In our fourth installment in the Neuroscience at work series, we look at building better practices as individuals, and as organizations.
Important Neuroscience Signals
In Amy Brann’s book, Neuroscience for Coaches, she introduces some of the important chemicals that transmit signals in our brain. We don’t want to scare you off with too much science, so here’s a savory summary of a few key reward-drivers:
Cortisol – A.K.A. the stress hormone. We release this when we feel threatened. It increases our energy level and blood pressure temporarily – so we can RUN! Too much caffeine and lack of sleep also affects our cortisol levels. Cortisol is not a hormone we want in surplus.
Dopamine – sends messages about long term and short term rewards. Dopamine tells your body you are about to have a reward. Visualizing goals (or focusing on small goals to get to bigger ones) releases dopamine and imprints those goals (and positive association) in your mind. A healthy diet and exercise also have a positive impact on dopamine levels.
Oxytocin – counteracts the effects of cortisol by reducing blood pressure, increasing connection and building positive social relationships. You can increase oxytocin levels with loving kindness, meditation or sharing a gift.
Serotonin – is closely linked with happiness. Low serotonin may result in high anxiety and sad feelings, while elevated serotonin is associated with feelings of focus, balance, and stability.
These hormones and neurotransmitters are hidden actors at your workplace everyday. You can develop practices to encourage the release of the positive chemicals associated with “toward” responses.
So how can we leverage our understanding of brain chemistry for better performance and change? Our colleague, psychologist and leadership expert Dr. Tony Zipple, says we shouldn’t ask “How do I get more willpower.” Instead we should ask a better question; “How do I build better practices” In a recent interview, he explained:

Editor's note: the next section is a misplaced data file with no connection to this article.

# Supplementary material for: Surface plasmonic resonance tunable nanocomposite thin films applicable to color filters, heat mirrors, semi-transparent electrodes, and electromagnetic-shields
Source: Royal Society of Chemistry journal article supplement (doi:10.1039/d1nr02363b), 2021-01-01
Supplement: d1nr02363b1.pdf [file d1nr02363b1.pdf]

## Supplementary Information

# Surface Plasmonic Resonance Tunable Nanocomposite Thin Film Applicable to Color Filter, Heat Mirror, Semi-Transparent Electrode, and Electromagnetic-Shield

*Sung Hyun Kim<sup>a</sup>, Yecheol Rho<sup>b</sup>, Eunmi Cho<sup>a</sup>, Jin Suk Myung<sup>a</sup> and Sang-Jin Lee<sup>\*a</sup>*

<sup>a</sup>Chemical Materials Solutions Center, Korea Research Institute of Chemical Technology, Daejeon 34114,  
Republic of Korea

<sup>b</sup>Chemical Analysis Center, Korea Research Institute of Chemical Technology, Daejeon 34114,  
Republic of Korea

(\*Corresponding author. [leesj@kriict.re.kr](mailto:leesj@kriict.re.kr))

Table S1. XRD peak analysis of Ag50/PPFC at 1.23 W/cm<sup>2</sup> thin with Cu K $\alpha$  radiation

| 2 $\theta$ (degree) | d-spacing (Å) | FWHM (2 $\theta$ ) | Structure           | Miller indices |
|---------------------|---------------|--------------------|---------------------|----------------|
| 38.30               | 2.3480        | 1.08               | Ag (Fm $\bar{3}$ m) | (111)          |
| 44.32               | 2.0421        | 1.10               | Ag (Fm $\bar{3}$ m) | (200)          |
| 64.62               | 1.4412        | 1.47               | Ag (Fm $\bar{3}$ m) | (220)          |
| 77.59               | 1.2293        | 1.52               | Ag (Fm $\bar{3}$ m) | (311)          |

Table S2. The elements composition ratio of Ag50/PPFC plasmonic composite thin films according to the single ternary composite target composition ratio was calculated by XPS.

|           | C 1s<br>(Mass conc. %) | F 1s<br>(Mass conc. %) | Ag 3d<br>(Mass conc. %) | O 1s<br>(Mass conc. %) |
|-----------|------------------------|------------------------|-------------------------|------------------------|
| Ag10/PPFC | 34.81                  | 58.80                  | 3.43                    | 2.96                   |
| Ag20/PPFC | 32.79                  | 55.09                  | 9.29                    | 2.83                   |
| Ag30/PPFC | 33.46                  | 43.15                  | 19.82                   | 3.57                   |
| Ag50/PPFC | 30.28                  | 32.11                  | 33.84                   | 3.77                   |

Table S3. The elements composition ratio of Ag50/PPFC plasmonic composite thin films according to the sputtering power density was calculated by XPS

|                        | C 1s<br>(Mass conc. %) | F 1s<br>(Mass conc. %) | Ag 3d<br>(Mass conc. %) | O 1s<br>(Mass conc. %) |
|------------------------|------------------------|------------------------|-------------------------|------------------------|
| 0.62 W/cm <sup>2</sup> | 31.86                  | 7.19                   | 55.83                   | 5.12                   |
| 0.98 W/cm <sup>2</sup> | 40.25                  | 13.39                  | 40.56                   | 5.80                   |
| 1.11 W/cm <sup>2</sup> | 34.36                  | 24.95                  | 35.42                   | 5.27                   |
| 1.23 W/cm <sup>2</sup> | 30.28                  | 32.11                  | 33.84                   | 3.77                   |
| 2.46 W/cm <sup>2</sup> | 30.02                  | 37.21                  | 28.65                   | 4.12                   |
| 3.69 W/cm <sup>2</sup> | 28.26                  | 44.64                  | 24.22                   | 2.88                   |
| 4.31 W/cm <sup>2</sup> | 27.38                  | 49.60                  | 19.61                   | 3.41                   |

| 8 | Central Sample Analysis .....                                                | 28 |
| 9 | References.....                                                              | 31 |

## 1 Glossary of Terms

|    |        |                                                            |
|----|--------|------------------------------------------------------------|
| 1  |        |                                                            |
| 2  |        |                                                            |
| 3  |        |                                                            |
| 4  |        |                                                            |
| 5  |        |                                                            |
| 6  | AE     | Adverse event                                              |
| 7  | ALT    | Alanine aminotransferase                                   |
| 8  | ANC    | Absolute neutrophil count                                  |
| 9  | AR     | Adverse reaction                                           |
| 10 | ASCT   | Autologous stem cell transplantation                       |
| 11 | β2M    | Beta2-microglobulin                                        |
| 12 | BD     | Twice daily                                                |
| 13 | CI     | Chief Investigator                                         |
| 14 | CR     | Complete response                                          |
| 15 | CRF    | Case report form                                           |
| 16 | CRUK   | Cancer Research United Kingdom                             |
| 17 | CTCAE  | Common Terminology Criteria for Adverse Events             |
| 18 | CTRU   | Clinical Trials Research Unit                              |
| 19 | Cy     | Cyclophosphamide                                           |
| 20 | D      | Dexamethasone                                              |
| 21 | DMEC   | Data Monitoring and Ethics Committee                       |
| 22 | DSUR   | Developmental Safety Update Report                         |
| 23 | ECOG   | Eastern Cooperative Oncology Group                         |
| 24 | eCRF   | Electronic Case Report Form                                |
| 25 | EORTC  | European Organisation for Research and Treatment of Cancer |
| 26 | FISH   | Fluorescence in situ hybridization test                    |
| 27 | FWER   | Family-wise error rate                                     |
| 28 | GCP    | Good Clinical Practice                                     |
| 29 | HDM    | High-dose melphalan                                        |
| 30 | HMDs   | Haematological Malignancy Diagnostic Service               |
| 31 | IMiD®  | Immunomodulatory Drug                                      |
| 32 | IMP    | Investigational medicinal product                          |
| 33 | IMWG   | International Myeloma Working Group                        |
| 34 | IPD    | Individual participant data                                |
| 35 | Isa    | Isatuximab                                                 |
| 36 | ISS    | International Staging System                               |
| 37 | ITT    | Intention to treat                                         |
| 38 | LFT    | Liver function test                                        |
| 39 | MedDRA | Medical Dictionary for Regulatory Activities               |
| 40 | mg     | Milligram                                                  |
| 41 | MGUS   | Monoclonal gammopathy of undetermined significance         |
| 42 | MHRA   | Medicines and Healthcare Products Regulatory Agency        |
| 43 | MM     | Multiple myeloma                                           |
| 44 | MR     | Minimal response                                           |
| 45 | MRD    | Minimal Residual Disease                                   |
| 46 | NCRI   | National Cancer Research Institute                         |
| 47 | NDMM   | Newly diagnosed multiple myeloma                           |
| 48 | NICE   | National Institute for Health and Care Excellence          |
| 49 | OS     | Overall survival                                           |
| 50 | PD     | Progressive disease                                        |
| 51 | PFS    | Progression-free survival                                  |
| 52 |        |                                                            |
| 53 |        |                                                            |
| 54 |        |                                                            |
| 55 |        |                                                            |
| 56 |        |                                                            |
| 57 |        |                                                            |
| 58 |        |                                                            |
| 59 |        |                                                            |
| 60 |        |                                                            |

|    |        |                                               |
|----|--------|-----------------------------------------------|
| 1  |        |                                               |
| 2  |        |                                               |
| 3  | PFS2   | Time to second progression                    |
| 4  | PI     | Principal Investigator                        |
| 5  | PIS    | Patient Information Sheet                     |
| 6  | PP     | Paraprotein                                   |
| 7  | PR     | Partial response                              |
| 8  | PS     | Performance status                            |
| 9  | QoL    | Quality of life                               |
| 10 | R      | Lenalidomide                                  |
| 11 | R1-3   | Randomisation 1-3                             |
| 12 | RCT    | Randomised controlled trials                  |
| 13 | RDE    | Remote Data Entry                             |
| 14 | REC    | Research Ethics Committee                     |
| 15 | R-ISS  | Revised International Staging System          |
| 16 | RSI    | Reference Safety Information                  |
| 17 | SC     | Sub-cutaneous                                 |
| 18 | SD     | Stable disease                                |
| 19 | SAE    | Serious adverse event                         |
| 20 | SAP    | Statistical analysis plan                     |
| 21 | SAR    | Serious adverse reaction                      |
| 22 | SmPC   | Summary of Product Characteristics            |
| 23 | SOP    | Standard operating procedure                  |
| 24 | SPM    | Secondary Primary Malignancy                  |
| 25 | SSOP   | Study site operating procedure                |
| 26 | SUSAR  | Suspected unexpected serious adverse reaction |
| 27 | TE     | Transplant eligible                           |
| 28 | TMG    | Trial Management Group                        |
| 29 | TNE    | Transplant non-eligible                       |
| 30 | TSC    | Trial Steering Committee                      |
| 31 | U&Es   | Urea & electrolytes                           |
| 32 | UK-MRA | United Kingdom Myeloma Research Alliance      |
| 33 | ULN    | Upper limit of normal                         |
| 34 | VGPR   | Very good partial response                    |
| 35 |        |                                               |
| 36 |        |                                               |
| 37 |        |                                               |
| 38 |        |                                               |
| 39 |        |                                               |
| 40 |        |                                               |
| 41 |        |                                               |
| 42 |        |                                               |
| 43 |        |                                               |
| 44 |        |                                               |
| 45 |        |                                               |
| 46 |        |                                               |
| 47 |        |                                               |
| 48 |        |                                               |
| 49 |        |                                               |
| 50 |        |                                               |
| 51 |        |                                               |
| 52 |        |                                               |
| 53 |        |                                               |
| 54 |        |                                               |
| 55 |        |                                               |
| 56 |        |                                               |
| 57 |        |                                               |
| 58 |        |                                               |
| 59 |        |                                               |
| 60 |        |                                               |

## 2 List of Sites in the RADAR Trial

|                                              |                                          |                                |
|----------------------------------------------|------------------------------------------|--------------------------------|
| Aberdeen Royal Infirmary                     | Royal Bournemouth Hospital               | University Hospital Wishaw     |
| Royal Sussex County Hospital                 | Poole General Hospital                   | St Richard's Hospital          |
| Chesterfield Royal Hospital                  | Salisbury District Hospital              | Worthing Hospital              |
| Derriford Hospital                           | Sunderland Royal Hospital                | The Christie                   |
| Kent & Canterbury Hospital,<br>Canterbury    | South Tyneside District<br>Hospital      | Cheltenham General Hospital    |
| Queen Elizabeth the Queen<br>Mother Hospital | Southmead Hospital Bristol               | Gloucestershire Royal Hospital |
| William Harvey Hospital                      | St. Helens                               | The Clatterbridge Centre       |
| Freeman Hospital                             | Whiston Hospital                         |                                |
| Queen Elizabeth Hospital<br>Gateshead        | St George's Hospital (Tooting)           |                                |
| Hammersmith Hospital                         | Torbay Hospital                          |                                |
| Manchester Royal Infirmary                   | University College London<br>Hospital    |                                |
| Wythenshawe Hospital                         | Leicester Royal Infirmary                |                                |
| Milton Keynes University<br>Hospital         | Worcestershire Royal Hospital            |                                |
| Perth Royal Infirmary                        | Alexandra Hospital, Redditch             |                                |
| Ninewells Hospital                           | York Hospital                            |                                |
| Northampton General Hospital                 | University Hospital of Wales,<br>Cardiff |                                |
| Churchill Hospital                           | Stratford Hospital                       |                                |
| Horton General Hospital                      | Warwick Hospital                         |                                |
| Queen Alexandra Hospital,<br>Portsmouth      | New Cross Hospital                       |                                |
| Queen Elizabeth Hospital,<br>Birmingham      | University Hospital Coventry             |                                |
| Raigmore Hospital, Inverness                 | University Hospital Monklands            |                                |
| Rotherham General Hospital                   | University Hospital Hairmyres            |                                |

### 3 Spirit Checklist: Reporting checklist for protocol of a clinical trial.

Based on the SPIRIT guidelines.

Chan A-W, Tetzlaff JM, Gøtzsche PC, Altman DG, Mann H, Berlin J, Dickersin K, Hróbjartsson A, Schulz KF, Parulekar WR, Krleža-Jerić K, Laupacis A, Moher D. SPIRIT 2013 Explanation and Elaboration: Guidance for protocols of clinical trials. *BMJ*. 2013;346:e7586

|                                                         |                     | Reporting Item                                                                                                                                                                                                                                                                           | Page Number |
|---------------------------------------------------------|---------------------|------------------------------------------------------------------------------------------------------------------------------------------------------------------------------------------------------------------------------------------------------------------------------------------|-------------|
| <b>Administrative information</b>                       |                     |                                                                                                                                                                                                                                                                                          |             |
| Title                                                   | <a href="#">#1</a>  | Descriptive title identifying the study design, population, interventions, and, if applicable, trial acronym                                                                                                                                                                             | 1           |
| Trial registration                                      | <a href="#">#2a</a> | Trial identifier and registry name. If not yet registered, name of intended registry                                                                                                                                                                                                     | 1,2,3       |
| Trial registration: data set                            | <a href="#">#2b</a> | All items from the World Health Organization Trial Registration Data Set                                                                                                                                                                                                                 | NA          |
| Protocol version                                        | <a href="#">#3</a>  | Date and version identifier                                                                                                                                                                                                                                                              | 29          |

“You don’t think ‘Am I going to brush my teeth today?’ You’ve brushed your teeth at least two times a day forever, and you don’t think about it. How do you develop habits so something becomes as easy as brushing your teeth?”
He suggested four steps to create practices that reward our brains… and make us happy.
Four Steps to Better Practices
Increase your motivation. If you want to learn to swim but you are not a morning person and the only time to practice is five a.m. – set yourself up for success. Put one alarm close to you and a second across the room. Put your swimsuit and towel in a bag by the door. Get a coffee maker with a timer and let the smell of brewing coffee inspire you to move. Sleep in your clothes if you must! Also focus on generating “toward” responses for your brain associated with the activity. Maybe the early workout is followed by breakfast with a friend, or the workout itself is an opportunity to bring along a spouse or other loved one (see #3 below). Meditate before going to bed and visualize the positive effects of the exercise, and write down how you feel after completing the workout to crystallize those moments for the brain. All of this will generate more positive association in the brain with the activity.